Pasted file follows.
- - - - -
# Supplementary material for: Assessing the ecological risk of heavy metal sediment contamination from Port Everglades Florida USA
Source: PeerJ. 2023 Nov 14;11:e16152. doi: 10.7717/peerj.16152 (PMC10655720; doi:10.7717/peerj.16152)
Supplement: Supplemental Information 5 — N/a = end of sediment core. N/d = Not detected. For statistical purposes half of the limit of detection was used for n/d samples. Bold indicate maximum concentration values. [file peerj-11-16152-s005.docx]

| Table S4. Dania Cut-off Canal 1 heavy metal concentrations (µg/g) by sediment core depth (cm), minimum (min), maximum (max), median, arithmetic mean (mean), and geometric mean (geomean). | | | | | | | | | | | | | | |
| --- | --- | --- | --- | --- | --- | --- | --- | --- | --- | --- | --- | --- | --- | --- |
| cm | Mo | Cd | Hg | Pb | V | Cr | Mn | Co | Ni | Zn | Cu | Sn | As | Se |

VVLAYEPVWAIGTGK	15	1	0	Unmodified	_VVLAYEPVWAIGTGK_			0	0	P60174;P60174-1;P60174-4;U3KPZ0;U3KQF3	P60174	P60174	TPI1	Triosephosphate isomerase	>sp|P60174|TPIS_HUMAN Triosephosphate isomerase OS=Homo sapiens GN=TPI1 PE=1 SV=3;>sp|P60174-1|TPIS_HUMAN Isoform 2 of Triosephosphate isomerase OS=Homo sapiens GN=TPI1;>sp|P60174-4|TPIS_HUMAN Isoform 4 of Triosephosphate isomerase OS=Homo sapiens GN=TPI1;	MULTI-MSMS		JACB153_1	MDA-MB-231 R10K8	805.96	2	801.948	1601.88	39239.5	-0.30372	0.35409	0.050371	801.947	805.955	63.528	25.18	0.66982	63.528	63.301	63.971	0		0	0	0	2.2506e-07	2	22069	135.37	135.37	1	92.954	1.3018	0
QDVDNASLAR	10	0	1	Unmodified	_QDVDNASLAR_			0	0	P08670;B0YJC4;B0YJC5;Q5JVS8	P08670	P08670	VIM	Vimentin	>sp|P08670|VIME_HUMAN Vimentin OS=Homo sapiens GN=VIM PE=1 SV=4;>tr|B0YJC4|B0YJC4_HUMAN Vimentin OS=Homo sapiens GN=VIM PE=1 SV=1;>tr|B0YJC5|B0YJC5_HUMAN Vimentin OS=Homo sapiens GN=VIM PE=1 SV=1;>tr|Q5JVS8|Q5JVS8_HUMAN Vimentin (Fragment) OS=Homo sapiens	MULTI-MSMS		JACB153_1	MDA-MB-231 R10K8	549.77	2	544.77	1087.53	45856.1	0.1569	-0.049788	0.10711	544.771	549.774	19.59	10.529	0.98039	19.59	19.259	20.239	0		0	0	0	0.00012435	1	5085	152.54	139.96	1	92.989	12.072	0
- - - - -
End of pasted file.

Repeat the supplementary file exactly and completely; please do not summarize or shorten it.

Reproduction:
# Supplementary material for: Assessing the ecological risk of heavy metal sediment contamination from Port Everglades Florida USA
Source: PeerJ. 2023 Nov 14;11:e16152. doi: 10.7717/peerj.16152 (PMC10655720; doi:10.7717/peerj.16152)
Supplement: Supplemental Information 5 — N/a = end of sediment core. N/d = Not detected. For statistical purposes half of the limit of detection was used for n/d samples. Bold indicate maximum concentration values. [file peerj-11-16152-s005.docx]

| Table S4. Dania Cut-off Canal 1 heavy metal concentrations (µg/g) by sediment core depth (cm), minimum (min), maximum (max), median, arithmetic mean (mean), and geometric mean (geomean). | | | | | | | | | | | | | | |
| --- | --- | --- | --- | --- | --- | --- | --- | --- | --- | --- | --- | --- | --- | --- |
| cm | Mo | Cd | Hg | Pb | V | Cr | Mn | Co | Ni | Zn | Cu | Sn | As | Se |

VVLAYEPVWAIGTGK	15	1	0	Unmodified	_VVLAYEPVWAIGTGK_			0	0	P60174;P60174-1;P60174-4;U3KPZ0;U3KQF3	P60174	P60174	TPI1	Triosephosphate isomerase	>sp|P60174|TPIS_HUMAN Triosephosphate isomerase OS=Homo sapiens GN=TPI1 PE=1 SV=3;>sp|P60174-1|TPIS_HUMAN Isoform 2 of Triosephosphate isomerase OS=Homo sapiens GN=TPI1;>sp|P60174-4|TPIS_HUMAN Isoform 4 of Triosephosphate isomerase OS=Homo sapiens GN=TPI1;	MULTI-MSMS		JACB153_1	MDA-MB-231 R10K8	805.96	2	801.948	1601.88	39239.5	-0.30372	0.35409	0.050371	801.947	805.955	63.528	25.18	0.66982	63.528	63.301	63.971	0		0	0	0	2.2506e-07	2	22069	135.37	135.37	1	92.954	1.3018	0
QDVDNASLAR	10	0	1	Unmodified	_QDVDNASLAR_			0	0	P08670;B0YJC4;B0YJC5;Q5JVS8	P08670	P08670	VIM	Vimentin	>sp|P08670|VIME_HUMAN Vimentin OS=Homo sapiens GN=VIM PE=1 SV=4;>tr|B0YJC4|B0YJC4_HUMAN Vimentin OS=Homo sapiens GN=VIM PE=1 SV=1;>tr|B0YJC5|B0YJC5_HUMAN Vimentin OS=Homo sapiens GN=VIM PE=1 SV=1;>tr|Q5JVS8|Q5JVS8_HUMAN Vimentin (Fragment) OS=Homo sapiens	MULTI-MSMS		JACB153_1	MDA-MB-231 R10K8	549.77	2	544.77	1087.53	45856.1	0.1569	-0.049788	0.10711	544.771	549.774	19.59	10.529	0.98039	19.59	19.259	20.239	0		0	0	0	0.00012435	1	5085	152.54	139.96	1	92.989	12.072	0